Ride height tool - MVAgusta.net
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post #1 of 28 (permalink) Old 01-07-2010, 11:27 AM Thread Starter
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Ride height tool

Been swatting up on the workshop manual, i am puzzled with this workshop tool for setting ride height/static sag, it's exactly the same method for setting the sag on any bike. All you need to do is get the rear wheel of the ground, on my Aprilia i just pull it over on the sidestand to get the rear fully extended, then stick a bit of masking tape on the tail unit and mark it with a pen, then measure from a given point on the swingarm or spindle etc to the pen mark whilst the rear is unloaded, write it down as say M.
Write that figure down, then sit the bike upright on a level floor and push the rear end up so it is at it's max extension then let it go.
Take a measurement using same pen mark and point on the bike, write it down as say M1, then compress the rear end and let it go and do the same again to give another measurement M2, you will probaly fine a difference between them (this is stiction) add both figures together and then divide by two, then deduct this from your very first measurement M to give the static sag.

What i am saying here is why do we need this tool to do this simple job, or am i missing something

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post #2 of 28 (permalink) Old 01-07-2010, 12:18 PM
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The ride height tool is to set the distance between the rear axle and the mark on the tool. The figure is 222mm. You can set it anywhere you want to vary the rake/trail but I prefer to follow the book. At least in the beginning and then tweak from there.
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post #3 of 28 (permalink) Old 01-07-2010, 02:44 PM
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If you need a ride height tool, give Chris at X Bikes a call, if he has no stock I have a spare I can sell you.

Brian
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post #4 of 28 (permalink) Old 01-07-2010, 03:42 PM Thread Starter
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Thanks Brian.

I fail to see the need for the tool, if you take a measurement from the centre of the spindle to a mark on the tailpiece and then perform the operation as per the manual to give you 22mm, does the same thing.

Also the 22mm is the difference of stiction between topped out and released and compressed and released, your sag setting should be the mean figure which is 11mm.

Why adjust the ride height adjuster to set your sag? is this normally not done by adjusting the spring preload, it states in the manual that if you can't achieve the 22mm then adjust the spring preload to obtain the correct figure.

I would normally set both front and rear static sag and ride the bike, stop and take notes and adjust damping then adjust ride height to alter the weight over the front or rear to what i want it to do.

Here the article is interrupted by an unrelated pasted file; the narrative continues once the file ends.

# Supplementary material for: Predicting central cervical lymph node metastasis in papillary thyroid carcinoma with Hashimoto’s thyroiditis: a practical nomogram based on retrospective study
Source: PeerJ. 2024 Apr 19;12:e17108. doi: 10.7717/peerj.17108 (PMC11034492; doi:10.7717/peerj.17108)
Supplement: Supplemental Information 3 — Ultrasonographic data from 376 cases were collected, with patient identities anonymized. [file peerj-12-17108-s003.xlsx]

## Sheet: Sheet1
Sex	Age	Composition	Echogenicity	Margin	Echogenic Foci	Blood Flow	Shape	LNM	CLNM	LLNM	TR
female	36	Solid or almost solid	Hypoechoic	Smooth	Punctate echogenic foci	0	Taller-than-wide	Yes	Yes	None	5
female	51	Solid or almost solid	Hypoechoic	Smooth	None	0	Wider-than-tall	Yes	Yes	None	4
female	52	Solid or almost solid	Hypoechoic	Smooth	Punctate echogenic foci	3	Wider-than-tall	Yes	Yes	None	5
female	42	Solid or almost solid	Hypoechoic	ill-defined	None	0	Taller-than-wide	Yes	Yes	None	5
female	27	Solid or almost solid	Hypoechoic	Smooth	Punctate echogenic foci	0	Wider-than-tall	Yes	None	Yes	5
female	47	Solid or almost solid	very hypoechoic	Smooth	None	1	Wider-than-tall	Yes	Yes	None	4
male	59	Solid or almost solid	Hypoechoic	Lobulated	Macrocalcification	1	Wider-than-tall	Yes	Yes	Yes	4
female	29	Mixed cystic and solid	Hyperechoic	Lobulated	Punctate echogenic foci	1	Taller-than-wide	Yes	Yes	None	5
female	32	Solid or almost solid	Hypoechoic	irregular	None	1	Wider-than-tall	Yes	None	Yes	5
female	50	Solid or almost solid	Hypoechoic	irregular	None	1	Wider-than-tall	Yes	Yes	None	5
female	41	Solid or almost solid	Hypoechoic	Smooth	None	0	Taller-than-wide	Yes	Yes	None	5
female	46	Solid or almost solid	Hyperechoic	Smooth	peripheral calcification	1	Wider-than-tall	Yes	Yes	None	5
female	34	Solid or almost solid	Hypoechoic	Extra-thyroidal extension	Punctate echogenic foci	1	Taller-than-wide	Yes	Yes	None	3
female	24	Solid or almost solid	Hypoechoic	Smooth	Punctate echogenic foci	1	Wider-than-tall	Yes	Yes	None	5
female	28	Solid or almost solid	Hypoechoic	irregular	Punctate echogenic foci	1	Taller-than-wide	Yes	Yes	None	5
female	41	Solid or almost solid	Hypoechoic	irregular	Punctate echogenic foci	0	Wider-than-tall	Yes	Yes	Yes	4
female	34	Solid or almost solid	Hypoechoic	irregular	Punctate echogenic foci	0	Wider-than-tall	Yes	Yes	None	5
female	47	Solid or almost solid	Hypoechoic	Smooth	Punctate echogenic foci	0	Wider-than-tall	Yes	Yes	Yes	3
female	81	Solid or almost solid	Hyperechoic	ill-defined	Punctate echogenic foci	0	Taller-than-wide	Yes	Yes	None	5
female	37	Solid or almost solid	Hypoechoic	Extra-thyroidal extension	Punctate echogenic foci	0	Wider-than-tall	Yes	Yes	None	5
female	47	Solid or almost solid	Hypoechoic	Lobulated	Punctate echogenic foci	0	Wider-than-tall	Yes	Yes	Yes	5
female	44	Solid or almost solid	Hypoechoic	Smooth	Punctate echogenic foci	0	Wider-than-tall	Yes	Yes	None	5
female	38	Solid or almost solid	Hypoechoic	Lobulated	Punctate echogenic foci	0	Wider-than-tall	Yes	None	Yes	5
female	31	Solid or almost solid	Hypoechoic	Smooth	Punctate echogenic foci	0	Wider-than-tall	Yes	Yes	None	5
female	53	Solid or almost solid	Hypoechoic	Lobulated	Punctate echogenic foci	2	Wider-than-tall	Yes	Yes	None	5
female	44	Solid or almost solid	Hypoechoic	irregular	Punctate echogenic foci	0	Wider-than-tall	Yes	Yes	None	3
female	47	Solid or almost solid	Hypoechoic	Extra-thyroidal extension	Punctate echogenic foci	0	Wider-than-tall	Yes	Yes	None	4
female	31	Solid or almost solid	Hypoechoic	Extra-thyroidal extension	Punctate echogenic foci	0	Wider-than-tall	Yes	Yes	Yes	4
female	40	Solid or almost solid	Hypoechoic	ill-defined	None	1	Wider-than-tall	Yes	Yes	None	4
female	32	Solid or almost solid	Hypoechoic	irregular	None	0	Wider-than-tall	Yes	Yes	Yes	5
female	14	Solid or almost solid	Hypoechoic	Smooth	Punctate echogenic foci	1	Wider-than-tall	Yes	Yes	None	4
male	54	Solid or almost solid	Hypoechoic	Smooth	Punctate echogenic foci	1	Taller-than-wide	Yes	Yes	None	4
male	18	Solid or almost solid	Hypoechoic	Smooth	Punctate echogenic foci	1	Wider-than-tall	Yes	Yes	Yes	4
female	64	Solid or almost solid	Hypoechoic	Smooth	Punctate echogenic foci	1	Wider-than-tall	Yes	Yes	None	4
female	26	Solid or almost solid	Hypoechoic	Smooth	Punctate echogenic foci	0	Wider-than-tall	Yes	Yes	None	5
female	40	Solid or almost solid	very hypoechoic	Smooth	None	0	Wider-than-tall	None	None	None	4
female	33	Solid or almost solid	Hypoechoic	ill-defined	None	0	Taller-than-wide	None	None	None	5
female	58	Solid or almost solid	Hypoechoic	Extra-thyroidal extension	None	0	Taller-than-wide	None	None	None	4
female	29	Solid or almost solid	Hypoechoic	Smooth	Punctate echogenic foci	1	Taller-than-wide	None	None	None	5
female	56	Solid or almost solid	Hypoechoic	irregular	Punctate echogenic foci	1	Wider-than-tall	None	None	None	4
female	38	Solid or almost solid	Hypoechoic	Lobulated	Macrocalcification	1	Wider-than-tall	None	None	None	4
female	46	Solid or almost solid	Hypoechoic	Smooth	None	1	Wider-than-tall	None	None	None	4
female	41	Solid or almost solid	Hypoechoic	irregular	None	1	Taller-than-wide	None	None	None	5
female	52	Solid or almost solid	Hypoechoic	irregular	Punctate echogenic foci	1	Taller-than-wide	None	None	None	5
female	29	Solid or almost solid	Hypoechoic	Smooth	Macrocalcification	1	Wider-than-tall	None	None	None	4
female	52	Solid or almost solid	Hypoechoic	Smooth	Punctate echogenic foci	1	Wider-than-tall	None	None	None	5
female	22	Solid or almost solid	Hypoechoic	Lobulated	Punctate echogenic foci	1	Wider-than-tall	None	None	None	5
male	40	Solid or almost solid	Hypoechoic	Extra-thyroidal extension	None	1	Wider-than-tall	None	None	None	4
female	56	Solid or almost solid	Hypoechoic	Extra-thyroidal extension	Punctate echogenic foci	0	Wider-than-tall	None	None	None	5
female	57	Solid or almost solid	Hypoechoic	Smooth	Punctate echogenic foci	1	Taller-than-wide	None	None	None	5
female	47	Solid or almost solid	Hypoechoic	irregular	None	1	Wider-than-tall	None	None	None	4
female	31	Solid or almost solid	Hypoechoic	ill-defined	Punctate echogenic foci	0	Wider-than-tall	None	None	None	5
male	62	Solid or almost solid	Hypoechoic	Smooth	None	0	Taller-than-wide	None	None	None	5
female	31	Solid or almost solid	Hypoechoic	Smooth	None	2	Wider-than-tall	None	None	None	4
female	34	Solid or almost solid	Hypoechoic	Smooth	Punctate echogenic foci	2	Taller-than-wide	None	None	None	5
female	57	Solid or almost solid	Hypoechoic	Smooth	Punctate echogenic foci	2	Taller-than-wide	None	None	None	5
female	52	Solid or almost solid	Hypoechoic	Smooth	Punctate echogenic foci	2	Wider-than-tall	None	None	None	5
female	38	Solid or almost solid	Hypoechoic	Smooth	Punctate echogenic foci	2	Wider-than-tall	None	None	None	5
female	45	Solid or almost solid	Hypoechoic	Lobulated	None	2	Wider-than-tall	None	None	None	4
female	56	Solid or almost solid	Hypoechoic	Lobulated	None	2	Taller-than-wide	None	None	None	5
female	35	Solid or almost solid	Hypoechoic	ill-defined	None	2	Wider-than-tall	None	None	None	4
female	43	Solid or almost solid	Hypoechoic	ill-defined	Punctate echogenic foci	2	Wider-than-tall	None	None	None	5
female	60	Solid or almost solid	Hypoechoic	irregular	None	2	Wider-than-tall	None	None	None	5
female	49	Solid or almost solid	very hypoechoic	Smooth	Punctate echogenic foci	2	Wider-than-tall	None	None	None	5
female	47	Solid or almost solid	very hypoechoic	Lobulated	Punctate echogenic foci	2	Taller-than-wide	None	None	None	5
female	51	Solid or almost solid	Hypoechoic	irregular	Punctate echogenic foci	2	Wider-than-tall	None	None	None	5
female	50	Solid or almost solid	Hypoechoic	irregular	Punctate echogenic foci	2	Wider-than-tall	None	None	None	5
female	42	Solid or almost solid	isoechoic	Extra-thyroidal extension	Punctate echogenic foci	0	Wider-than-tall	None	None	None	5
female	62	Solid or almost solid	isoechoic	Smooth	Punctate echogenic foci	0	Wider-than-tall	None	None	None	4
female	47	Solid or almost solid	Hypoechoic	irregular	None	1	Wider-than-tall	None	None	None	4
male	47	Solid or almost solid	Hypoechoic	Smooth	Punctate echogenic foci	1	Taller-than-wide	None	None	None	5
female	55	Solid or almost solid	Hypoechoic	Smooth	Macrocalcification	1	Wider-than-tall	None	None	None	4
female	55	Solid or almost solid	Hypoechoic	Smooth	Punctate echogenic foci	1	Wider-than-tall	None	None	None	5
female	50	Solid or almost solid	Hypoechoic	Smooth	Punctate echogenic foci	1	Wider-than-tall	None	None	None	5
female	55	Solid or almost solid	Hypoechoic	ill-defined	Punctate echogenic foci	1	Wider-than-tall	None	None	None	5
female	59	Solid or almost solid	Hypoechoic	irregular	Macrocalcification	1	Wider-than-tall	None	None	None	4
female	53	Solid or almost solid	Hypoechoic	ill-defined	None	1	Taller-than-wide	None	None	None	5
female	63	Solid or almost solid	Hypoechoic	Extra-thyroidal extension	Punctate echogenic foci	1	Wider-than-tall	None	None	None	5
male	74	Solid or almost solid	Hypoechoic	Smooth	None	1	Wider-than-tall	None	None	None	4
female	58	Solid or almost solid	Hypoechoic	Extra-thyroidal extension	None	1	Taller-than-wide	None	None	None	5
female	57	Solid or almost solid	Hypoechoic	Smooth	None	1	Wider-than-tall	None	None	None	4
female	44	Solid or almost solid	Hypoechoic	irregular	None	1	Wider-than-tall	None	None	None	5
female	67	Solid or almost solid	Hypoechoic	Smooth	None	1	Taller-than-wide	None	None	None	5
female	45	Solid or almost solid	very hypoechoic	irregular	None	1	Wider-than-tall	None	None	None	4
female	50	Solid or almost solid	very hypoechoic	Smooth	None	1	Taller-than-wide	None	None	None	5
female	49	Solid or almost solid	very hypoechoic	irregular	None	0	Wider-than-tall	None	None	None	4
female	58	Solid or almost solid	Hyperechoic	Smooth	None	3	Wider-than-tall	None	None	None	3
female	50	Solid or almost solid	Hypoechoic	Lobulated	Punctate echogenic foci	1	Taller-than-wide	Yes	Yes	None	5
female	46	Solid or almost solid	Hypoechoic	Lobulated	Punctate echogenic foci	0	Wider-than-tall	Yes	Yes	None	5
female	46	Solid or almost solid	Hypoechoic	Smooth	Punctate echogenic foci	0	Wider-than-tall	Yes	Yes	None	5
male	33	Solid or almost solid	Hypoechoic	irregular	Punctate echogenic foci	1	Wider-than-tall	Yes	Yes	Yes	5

I may be missing something here but from what i see in the manual where it shows using the ride height tool, all you are doing is setting static sag as per this article from Sport Rider

Rear end

Step 1: Extend the suspension completely by getting the wheel off the ground. It helps to have a few friends around. On bikes with sidestands the bike can usually be carefully rocked up on the stand to unload the suspension. Most race stands will not work because the suspension will still be loaded by resting on the swingarm rather than the wheel. Measure the distance from the axle vertically to some point on the chassis (metric figures are easiest and more precise; Figure 1). Mark this reference point because you'll need to refer to it again. This measurement is L1. If the measurement is not exactly vertical the sag numbers will be inaccurate (too low).

Step 2: Take the bike off the stand and put the rider on board in riding position. Have a third person balance the bike from the front. If accuracy is important to you, you must take friction of the linkage into account. This is where our procedure is different: We take two additional measurements. First, push down on the rear end about 25mm (1") and let it extend very slowly. Where it stops, measure the distance between the axle and the mark on the chassis again. If there were no drag in the linkage the bike would come up a little further. It's important that you do not bounce! This measurement is L2. Step 3: Have your assistant lift up on the rear of the bike about 25mm and let it down very slowly. Where it stops, measure it. If there were no drag it would drop a little further. Remember, don't bounce! This measurement is L3.

Step 4: The spring sag is in the middle of these two measurements. In fact, if there were no drag in the linkage, L2 and L3 would be the same. To get the actual sag figure you find the midpoint by averaging the two numbers and subtracting them from the fully extended measurement L1: static spring sag = L1 - [(L2 + L3) / 2]. Step 5: Adjust the preload with whatever method applies to your bike. Spring collars are common, and some benefit from the use of special tools. In a pinch you can use a blunt chisel to unlock the collars and turn the main adjusting collar. If you have too much sag you need more preload; if you have too little sag you need less preload. For roadrace bikes, rear sag is typically 25 to 30mm. Street riders usually use 30 to 35mm. Bikes set up for the track are a compromise when ridden on the street. The firmer settings commonly used on the track are generally not recommended (or desirable) for road work.